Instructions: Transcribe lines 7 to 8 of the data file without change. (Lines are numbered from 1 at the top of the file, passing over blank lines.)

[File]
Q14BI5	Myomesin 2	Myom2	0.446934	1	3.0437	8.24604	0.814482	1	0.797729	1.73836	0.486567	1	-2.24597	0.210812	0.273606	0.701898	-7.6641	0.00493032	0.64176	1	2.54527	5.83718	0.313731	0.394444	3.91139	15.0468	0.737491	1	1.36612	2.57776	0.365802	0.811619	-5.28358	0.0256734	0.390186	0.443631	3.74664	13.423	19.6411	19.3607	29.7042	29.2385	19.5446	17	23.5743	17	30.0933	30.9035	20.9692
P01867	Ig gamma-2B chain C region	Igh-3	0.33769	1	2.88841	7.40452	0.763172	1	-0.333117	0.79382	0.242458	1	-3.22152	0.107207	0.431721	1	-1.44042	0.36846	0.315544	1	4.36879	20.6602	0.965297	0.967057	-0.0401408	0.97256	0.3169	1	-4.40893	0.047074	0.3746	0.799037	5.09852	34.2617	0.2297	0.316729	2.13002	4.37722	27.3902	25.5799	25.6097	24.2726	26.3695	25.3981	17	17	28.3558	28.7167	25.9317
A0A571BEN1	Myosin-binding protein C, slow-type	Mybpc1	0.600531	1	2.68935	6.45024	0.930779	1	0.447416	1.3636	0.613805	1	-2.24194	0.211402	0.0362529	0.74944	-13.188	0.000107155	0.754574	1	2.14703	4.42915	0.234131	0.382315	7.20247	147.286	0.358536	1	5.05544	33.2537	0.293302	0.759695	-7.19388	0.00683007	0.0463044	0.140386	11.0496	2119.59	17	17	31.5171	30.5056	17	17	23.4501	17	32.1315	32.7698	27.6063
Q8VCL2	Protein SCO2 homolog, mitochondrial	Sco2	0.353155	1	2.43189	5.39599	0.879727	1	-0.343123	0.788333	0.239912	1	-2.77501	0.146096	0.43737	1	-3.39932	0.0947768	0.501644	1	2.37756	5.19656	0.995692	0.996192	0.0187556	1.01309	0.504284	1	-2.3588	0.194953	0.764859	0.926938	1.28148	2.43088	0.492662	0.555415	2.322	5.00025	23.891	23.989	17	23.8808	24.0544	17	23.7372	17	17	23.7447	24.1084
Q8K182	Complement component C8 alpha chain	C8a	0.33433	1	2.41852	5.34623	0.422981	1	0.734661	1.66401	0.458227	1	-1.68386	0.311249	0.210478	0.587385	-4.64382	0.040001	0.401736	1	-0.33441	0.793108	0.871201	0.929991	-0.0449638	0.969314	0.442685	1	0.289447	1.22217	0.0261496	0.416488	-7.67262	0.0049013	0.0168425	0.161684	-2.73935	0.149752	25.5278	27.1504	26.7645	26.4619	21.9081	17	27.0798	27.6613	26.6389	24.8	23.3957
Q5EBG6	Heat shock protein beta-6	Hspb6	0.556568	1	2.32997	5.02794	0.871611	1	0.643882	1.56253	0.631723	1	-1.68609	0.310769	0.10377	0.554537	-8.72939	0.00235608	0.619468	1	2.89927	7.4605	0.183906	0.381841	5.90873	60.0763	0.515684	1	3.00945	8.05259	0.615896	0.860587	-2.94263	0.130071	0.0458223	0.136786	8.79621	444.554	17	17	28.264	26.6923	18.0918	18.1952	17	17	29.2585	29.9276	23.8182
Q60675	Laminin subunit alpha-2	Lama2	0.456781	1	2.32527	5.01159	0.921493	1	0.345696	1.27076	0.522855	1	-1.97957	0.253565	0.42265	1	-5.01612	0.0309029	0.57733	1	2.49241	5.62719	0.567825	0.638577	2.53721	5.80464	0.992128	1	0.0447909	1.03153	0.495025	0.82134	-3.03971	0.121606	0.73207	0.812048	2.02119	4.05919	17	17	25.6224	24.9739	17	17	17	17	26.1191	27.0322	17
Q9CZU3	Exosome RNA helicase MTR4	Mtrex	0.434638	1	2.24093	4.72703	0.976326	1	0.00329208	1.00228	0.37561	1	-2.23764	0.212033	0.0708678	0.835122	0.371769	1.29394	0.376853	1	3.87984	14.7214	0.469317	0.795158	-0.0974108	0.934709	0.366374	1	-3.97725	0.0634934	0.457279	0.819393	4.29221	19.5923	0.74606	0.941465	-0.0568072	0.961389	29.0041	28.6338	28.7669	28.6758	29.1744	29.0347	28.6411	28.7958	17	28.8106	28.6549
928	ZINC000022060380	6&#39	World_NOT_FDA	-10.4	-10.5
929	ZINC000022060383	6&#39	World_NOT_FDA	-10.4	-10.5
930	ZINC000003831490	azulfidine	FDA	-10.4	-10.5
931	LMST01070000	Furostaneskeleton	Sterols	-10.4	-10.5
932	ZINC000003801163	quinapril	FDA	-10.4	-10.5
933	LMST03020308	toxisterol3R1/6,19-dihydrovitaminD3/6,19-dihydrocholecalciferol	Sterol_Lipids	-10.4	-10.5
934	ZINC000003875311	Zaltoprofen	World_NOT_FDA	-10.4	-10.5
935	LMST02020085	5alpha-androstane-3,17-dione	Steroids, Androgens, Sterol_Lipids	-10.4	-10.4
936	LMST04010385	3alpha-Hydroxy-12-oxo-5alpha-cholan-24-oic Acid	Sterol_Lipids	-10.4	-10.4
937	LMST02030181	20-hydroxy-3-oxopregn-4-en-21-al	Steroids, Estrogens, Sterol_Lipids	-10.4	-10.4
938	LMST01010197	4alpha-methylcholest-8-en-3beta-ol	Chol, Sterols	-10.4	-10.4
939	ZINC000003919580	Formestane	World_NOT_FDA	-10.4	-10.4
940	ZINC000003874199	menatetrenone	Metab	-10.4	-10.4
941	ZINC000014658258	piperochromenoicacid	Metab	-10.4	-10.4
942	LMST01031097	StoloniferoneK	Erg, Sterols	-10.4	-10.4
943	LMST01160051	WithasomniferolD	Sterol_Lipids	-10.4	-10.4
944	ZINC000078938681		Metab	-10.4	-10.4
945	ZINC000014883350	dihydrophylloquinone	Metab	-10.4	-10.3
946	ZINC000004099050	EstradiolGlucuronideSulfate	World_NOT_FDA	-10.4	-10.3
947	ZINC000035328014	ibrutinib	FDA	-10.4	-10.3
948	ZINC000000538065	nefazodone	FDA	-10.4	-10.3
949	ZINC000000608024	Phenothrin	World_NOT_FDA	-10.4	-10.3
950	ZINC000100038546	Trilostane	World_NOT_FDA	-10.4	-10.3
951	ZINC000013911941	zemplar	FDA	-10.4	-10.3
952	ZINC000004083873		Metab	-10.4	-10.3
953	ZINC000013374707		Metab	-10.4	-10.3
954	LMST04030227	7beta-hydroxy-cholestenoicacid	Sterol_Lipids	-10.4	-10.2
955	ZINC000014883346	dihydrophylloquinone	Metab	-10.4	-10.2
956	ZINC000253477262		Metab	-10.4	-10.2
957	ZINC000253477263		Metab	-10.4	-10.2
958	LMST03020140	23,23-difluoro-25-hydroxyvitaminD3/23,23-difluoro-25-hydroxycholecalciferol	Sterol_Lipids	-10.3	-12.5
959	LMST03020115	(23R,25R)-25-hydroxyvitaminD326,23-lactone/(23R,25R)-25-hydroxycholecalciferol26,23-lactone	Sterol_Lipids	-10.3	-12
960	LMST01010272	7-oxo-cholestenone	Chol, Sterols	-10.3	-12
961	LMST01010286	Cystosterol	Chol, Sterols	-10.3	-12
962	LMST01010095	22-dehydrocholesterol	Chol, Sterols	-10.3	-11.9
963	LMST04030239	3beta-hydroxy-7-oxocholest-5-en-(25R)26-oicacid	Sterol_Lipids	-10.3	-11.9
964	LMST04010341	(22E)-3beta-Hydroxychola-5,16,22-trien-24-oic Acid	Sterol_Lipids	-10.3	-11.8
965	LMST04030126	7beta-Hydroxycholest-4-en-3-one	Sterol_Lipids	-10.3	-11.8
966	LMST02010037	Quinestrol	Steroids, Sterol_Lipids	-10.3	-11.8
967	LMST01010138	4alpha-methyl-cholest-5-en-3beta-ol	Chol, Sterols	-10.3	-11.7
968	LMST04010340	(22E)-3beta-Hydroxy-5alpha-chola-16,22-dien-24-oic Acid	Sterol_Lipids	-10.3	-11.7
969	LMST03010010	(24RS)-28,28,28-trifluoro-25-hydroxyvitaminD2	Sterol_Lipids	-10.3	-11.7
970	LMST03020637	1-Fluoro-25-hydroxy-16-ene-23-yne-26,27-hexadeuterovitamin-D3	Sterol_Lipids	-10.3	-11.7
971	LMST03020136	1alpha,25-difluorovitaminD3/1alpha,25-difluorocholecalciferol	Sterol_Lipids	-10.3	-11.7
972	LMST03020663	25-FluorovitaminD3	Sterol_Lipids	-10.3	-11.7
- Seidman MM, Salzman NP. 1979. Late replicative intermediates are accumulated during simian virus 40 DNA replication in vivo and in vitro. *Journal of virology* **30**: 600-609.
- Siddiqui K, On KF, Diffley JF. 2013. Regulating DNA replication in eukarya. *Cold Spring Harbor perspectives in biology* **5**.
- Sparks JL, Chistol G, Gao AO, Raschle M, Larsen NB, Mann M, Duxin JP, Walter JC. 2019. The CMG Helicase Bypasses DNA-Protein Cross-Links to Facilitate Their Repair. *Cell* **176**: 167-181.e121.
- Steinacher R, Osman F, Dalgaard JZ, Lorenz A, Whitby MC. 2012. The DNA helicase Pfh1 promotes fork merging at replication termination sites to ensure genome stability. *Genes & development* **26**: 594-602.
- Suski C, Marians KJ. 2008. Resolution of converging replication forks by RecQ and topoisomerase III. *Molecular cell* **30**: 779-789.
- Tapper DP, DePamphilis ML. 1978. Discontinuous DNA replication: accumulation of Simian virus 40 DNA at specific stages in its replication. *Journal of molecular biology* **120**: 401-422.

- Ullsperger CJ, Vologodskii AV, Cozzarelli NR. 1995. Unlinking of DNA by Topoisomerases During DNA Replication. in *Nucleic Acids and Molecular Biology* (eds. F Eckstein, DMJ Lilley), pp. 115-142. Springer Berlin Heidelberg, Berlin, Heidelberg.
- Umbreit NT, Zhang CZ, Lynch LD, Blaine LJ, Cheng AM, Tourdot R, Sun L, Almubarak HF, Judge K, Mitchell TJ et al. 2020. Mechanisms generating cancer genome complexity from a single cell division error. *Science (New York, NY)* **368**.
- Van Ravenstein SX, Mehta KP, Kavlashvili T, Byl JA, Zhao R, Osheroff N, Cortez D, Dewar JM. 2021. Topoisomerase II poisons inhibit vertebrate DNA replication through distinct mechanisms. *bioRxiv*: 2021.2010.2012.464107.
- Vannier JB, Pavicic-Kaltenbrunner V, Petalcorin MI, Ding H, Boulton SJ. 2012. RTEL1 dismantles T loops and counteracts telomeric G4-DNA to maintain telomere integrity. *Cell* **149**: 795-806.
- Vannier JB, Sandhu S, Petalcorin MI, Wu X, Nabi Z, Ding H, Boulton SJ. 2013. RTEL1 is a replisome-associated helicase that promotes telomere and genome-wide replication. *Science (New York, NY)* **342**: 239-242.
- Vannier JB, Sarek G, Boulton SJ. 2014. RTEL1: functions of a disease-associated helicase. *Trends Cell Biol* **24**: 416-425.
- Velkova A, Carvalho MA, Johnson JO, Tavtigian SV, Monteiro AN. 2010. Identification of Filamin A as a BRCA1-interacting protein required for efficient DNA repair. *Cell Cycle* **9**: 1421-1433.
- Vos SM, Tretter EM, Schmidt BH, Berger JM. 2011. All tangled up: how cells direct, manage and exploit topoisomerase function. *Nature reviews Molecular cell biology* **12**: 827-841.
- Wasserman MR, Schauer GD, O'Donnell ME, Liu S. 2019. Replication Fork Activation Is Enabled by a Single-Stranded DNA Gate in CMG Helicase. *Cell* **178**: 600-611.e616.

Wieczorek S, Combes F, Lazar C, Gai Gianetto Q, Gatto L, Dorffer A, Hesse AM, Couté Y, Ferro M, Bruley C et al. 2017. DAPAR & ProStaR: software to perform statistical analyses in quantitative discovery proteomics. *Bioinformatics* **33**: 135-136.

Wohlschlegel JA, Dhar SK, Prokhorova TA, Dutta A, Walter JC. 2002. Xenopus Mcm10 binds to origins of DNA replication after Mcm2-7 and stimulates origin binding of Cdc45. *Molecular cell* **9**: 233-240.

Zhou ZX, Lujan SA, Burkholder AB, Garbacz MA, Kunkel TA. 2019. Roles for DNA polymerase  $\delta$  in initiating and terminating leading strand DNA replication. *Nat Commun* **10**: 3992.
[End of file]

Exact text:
Q60675	Laminin subunit alpha-2	Lama2	0.456781	1	2.32527	5.01159	0.921493	1	0.345696	1.27076	0.522855	1	-1.97957	0.253565	0.42265	1	-5.01612	0.0309029	0.57733	1	2.49241	5.62719	0.567825	0.638577	2.53721	5.80464	0.992128	1	0.0447909	1.03153	0.495025	0.82134	-3.03971	0.121606	0.73207	0.812048	2.02119	4.05919	17	17	25.6224	24.9739	17	17	17	17	26.1191	27.0322	17
Q9CZU3	Exosome RNA helicase MTR4	Mtrex	0.434638	1	2.24093	4.72703	0.976326	1	0.00329208	1.00228	0.37561	1	-2.23764	0.212033	0.0708678	0.835122	0.371769	1.29394	0.376853	1	3.87984	14.7214	0.469317	0.795158	-0.0974108	0.934709	0.366374	1	-3.97725	0.0634934	0.457279	0.819393	4.29221	19.5923	0.74606	0.941465	-0.0568072	0.961389	29.0041	28.6338	28.7669	28.6758	29.1744	29.0347	28.6411	28.7958	17	28.8106	28.6549